As I write this, today is beach day @RenttheRunway (July 31, 2014).

What does that mean? It means our CEO Jenn Hyman (@Jenn_RTR), decided that the whole team deserved a day of “Mandatory Fun” at an awesome beach with tennis courts and a pool and the whole nine yards, on the company's dime.

A few days before that Jenn spontaneously ordered an ice cream truck to come to the office and give everyone free ice cream. We're not talking 10 people here - we’re talking about the whole, enough-to-fill-multiple-busses, RTR office.

A few days before that there was a Hawaiian style BBQ/Luau at our Dream Fulfillment Center in Jersey (where your dresses are shipped from).

You get the idea.

But lots of startups have occasional crazy fun surprises like that (right?). What's really telling about a company is the day-to-day. This blog is about life @RTR_tech, not RTR in general. Make no mistake: this is a tech organization and it’s an awesome one.

Let me tell you a story. It's going to be a bit scattered, and probably long-winded, but I think you'll like it.

I promise I'll mention some tech along the way.

A little more than a year ago, I was living with my family in Ann Arbor, MI where I had worked for about 13 years. Ann Arbor is an awesome little college town, but my wife wanted to move back to NY where she grew up. As a prerequisite, I wanted to make sure I found a job in NYC where I could truly be happy. This was more difficult than you might imagine.

I was looking for a small-ish, startup-ish, flexible, open-minded tech company with outstanding people.

I eventually discovered a large list of NYC companies of this ilk. Cruising down the list in alphabetical order, I eventually came to Rent the Runway.

"A fashion/e-commerce company?," I thought, "meh."  I passed right over it.

Fortunately, it didn't end there. The CTO of another company (whose selfless kindness I should have repaid long ago) reconnected me with RTR_tech via CTO Camille Fournier (@skamille) I had a phone call with her and was extremely impressed. The rest is history. I also spoke to Vijay (@vjsubr), head of Analytics, Jenn Hyman and various awesome members of the tech team and I was convinced.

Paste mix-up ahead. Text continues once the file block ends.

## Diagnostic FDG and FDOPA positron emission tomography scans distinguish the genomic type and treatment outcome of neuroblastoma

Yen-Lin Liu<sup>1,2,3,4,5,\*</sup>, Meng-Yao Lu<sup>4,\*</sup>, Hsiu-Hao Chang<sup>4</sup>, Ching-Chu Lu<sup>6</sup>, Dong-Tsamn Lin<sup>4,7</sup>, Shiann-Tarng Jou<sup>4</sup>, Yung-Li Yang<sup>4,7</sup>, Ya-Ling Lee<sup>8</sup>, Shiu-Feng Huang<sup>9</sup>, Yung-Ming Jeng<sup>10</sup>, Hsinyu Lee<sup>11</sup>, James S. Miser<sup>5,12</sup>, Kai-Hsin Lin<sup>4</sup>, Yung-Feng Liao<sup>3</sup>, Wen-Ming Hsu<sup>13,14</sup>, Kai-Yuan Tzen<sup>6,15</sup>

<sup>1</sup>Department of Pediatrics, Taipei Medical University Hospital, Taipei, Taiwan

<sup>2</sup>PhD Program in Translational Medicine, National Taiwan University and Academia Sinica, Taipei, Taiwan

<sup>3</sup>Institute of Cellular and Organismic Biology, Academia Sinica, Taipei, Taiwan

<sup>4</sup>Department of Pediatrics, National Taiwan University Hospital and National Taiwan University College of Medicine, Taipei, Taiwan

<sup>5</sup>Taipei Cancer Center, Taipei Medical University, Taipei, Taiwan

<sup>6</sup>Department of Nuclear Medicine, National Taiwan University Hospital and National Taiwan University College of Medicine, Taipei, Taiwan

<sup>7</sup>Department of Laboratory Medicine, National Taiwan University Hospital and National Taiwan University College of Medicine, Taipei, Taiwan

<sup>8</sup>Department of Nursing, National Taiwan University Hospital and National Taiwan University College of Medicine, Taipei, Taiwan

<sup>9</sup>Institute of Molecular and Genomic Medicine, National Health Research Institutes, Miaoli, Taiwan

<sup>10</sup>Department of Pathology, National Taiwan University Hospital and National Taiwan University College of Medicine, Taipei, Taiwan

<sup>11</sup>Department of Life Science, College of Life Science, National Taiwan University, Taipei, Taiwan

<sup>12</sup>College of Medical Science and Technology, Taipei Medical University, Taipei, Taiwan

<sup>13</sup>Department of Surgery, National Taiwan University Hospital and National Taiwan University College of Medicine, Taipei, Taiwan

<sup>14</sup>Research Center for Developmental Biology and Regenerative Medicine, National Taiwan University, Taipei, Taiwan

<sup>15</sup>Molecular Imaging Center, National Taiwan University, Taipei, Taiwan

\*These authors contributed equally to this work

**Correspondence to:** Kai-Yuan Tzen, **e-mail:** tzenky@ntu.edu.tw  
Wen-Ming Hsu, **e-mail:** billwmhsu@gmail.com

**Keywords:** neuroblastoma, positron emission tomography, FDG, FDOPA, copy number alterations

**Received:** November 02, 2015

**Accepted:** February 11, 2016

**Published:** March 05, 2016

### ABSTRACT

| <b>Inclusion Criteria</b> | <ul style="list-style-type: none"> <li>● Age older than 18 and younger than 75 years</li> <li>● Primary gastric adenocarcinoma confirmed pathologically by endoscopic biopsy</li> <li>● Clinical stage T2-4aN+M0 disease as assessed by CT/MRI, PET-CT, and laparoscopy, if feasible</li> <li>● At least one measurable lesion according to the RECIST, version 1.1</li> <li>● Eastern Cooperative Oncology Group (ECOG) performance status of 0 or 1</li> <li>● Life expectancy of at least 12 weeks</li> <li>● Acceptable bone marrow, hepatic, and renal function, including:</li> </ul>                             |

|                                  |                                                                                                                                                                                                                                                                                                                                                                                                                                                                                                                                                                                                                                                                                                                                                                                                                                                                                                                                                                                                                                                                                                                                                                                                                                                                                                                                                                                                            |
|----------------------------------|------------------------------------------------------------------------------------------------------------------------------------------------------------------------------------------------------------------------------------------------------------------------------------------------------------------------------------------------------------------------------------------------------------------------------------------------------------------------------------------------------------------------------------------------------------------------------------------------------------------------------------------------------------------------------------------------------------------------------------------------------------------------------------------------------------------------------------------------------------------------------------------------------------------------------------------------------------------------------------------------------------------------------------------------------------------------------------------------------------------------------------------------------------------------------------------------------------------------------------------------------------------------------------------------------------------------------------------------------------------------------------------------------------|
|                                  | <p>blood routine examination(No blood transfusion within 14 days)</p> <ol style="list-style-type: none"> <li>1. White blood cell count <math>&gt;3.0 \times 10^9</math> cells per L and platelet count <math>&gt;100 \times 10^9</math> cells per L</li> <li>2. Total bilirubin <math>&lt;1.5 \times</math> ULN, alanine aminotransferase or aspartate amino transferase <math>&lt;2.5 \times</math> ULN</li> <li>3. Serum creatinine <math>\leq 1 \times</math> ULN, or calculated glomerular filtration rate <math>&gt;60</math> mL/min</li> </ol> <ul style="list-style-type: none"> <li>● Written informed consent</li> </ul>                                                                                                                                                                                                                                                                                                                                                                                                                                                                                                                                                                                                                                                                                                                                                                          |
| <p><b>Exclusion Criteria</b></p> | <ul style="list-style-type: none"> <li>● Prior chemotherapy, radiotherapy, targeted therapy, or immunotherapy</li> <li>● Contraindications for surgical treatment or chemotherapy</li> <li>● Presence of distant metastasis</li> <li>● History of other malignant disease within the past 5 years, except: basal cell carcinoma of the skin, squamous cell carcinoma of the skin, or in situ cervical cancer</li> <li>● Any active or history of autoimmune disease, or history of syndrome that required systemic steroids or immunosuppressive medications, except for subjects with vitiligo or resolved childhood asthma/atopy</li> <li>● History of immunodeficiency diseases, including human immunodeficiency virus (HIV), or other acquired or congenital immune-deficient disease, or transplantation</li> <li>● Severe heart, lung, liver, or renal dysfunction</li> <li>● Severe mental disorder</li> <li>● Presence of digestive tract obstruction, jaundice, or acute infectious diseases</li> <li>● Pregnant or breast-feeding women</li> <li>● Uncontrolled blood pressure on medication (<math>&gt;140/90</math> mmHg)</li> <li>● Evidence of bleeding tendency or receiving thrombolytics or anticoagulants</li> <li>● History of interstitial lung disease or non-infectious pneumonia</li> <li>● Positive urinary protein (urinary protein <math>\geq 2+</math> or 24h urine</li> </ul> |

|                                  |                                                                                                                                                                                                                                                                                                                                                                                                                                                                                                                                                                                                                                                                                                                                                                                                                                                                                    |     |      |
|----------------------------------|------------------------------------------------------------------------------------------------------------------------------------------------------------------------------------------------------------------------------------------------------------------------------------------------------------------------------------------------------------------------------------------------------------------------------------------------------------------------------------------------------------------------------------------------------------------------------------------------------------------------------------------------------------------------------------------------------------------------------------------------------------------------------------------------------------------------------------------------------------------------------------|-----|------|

One year later, I can tell you that this company is far from just a "fashion/e-commerce company" and is anything but "meh."

These people are awesome and humble. They learn from their mistakes and they learn fast. They actively seek feedback. They listen deeply. They really, honestly care about their teammates. They have created a culture of openness, idea sharing, risk-taking, fun, friendliness, honesty, continuous improvement, teaching and in-the-end, success. And they pay me to hang out with them all day!

What follows is just some of the awesome stuff I’ve had the pleasure of living with @RTR_tech.

First off, we use modern technology tempered with a good bit of wisdom that the “Shiny New Thing” is not always as awesome as it seems. The grass is not always greener on the other side. We’ve adopted a lean-and-mean, modern Java web service framework called Dropwizard. Not Node. Not Scala. Not Python. They're all cool, don't get me wrong, but Java is tried and true and way cooler than you might think if you just take the time to get to know it. :) Plus: Java 8! And cool stuff like @AutoValue. We're working hard to move our front end code to Backbone. There's some Ruby in the mix for good measure. Plus, have you seen what looks like? It's freaking beautiful! We work with awesome designers and we really care about making it not just work right, but also look great.

We have regular, weekly one-on-one meetings with managers, team leads and peers. These are not perfunctory tech status updates. In these meetings we talk openly about what's bugging us. We refine our goals and take steps towards achieving them. We work to carve out time for people to work on that open source contribution they've had in mind (making @AutoValue work with Hibernate perhaps). As a manager, one of my personal rules of thumb is that performance reviews should not contain any negative surprises (or only good surprises). I've learned to use this one-on-one time to make sure that's the case and that I'm guiding/teaching (and learning from!) my reports to avoid those negative surprises. Just a few days ago I was writing a performance review. When I really got into the meat of it, I realized that I had some new suggestions around goals the person could set, but that we hadn't talked about yet. Before I wrote those things into the review, I grabbed the person and talked through the suggestions. The next day, we had the Important Official Mid-Year Review meeting. I delivered my write-up, and watched the pride swell up in the individual. This is not to say there was no constructive feedback, but that that feedback had already been well established and internalized. That's how you do performance reviews. We do that here @RTR_tech. If you're on my team, you'll get a performance review like that. I really care - we really care - about our teammates as people. In the end, that's all we have. Java code is easy. People are hard. Help them refine and follow their goals. Help them thrive. Help them learn. Help us learn.

@RTR_tech we are a learning organization from top to bottom. As such we’re encouraged (by @skamille and others) to attend technical conferences. RTR_tech will send you to speak or just attend. And of course, @skamille, @markwunsch, and @OMGannaks held a panel discussion @RTR_teach - oops, @RTR_tech - about how to write successful conference presentation proposals, because… they're awesome.